20 July 2020
Buying or Selling a Business? Know the Rules Regarding Personal Information
By: Laurie Propeck
The adoption of privacy legislation in the early 2000s by the federal government and various Canadian provinces such as Quebec, Alberta and British-Colombia regulating the collection, use and disclosure of personal information, being information that allows an individual to be identified, demonstrates the importance given to protecting personal information. Quebec law imposes strict obligations on parties holding individual’s personal information which, amongst other things, include a requirement to obtain the prior consent of an individual before communicating his personal information to a third party (referred to as the Consent Principle).
In the context of M&A transactions, personal information of the vendor’s employees, clients and suppliers is inevitably disclosed to the purchaser, and each of them must be mindful of their respective obligations and restrictions. During the due diligence process, the purchaser will likely be given access to various documents of the vendor containing personal information, such as service and employment contracts, disputes involving the vendor as well as lists detailing the vendor’s clients, suppliers and employees.
Consequently, respecting the Consent Principle in M&A transactions is often very hard to achieve. In fact, various commissioners or ombudspersons who are responsible to oversee provincial or territorial privacy legislation, as the case may be, have held accountable parties to M&A transactions, including their legal counsel, for exchanging personal information in breach of the applicable privacy legislation. For instance, in an Alberta, two renowned law firms inadvertently included in their purchase and sale documentation home addresses and social insurance numbers of employees of the vendor, and such information was subsequently posted on SEDAR, a non-password protected website. The Alberta Commissioner determined that: (i) the disclosure of the employees’ personal information was not necessary to conclude the business transaction; (ii) the disclosure of the information by the purchaser’s lawyers to the vendor’s lawyers contravened to the Alberta Personal Information Protection Act; and (iii) the vendor remained accountable for the breach by the law firm it was represented by.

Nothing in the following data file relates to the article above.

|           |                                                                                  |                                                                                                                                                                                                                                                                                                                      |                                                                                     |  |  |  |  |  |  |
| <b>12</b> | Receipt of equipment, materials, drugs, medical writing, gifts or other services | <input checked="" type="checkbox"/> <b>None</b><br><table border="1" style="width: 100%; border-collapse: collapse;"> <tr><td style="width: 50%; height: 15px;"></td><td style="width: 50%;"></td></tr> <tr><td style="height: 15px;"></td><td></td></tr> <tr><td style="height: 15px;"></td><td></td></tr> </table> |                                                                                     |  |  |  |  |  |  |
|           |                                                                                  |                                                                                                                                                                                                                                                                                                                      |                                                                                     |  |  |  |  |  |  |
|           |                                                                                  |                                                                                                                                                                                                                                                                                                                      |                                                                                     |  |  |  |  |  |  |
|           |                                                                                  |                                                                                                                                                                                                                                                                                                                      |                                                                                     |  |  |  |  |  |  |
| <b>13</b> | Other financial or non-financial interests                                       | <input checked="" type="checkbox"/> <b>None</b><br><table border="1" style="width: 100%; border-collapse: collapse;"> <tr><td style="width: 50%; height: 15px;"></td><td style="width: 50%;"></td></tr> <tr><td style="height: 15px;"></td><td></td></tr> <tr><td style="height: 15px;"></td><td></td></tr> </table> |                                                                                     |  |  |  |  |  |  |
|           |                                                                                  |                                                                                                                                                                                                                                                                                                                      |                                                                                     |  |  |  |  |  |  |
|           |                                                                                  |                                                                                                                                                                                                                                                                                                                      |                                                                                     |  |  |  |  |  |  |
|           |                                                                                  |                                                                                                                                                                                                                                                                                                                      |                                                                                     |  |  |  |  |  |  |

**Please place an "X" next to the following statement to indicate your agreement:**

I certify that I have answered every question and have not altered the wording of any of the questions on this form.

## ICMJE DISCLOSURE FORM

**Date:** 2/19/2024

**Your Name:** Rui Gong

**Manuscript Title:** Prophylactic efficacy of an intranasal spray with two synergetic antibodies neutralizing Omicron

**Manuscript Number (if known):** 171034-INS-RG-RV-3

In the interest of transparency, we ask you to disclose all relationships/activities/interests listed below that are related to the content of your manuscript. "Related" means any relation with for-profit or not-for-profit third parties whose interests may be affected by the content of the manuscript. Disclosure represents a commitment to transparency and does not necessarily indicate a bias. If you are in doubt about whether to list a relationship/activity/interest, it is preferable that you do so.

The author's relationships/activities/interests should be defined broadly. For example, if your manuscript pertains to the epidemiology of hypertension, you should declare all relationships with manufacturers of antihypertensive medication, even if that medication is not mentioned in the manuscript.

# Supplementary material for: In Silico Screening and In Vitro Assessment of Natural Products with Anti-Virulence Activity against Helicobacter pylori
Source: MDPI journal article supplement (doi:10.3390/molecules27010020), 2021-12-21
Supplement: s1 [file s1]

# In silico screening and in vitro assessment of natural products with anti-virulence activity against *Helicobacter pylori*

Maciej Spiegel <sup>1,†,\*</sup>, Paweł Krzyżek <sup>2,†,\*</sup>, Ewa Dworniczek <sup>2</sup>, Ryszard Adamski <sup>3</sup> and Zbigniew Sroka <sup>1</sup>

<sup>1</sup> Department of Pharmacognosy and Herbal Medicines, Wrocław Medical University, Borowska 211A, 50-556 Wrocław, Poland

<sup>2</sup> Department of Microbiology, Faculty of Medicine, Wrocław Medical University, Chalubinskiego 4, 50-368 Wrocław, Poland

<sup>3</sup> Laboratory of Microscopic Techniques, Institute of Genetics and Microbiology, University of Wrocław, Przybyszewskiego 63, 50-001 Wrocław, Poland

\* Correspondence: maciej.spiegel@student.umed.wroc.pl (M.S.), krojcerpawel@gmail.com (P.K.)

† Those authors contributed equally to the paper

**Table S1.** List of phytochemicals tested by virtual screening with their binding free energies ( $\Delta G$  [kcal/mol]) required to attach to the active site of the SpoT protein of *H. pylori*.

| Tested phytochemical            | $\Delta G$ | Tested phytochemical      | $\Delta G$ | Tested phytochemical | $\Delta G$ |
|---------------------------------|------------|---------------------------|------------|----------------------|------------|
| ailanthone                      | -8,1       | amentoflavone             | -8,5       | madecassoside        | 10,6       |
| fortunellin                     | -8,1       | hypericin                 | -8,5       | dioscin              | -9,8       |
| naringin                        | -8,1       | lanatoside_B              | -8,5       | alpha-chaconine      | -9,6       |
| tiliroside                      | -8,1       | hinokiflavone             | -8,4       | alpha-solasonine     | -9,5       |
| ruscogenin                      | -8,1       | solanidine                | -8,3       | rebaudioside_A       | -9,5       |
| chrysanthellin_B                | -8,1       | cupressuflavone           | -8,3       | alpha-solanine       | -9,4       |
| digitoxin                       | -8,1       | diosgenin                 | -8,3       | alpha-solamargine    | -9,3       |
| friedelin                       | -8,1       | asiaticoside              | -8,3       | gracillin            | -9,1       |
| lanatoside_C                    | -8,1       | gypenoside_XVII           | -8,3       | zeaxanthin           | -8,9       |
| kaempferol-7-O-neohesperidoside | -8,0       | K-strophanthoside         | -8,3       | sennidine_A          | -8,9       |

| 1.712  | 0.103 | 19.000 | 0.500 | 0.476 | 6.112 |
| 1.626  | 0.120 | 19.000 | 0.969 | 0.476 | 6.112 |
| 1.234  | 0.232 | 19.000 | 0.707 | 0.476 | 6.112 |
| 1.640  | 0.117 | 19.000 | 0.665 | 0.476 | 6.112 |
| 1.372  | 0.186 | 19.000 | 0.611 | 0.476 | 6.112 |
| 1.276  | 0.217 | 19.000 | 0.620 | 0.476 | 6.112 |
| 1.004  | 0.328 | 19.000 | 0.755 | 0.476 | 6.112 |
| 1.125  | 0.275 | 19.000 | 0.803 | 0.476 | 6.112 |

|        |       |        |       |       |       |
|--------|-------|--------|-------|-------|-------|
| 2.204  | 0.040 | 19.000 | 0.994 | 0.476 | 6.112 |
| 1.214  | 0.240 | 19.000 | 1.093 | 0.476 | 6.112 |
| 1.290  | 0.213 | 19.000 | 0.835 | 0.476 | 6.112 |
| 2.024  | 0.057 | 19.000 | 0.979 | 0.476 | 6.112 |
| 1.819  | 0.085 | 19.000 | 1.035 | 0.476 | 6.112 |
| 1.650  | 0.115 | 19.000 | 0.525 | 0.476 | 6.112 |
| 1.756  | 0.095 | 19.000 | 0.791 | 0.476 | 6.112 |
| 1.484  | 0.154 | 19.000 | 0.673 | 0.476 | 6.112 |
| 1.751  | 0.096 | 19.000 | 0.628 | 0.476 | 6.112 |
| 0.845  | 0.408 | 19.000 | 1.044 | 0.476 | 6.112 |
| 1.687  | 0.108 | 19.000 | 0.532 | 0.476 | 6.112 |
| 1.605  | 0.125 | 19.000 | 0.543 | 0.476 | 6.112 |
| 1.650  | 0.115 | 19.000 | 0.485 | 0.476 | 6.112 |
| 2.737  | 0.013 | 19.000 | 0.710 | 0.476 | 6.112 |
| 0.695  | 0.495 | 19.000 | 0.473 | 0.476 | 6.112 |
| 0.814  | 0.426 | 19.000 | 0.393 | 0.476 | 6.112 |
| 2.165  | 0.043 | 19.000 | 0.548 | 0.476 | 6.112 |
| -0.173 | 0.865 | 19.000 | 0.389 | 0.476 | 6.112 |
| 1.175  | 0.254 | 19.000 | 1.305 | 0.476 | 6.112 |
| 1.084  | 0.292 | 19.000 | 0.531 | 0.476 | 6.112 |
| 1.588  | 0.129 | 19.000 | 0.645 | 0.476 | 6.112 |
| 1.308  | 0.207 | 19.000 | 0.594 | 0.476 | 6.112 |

On June 12, 2020, the Quebec government introduced Bill 64 to modernize the legal framework applicable to the protection of personal information, including an exception to the Consent Principle in the context of M&A transactions which already exists under the federal and certain other provincial acts. This bill is expected to come into force one year after the date of its assent which assent is however not likely to occur before Fall 2020. Amongst other things, such bill proposes to add article 18.4 to the Act Respecting the Protection of Personal Information in the Private Sector allowing a vendor to communicate to a purchaser personal information relating to an individual such as a client, supplier or employee, without the consent of the individual concerned, to the extent that: (i) such information is necessary to conclude a commercial transaction involving a transfer of ownership of all or part of an enterprise, and (ii) the parties agree to certain terms.
If this bill is enacted, the parties to an M&A transaction will be able to share necessary personal information without consent of the relevant individuals if they enter into an agreement stipulating that the receiving party will:
- use such information solely for the purpose of concluding the transaction;
- not communicate/disclose this information to any other party without previously obtaining the consent of the party concerned;
- put in place measures to ensure the confidentiality of the information; and
- destroy the information if the transaction is not concluded or if such information is not necessary to conclude the transaction.
Whether or not this exception to the Consent Principle comes in force, parties to M&A transactions should be aware that disclosure of personal information is generally prohibited without the interested person’s consent. They should ensure that their legal counsel help them navigate through the applicable privacy restrictions so that the purchaser obtains the information required to make an informed purchase decision while the vendor complies with applicable legislation. KRB’s corporate group can help you adequately comply privacy legislation while helping you achieve your business goals.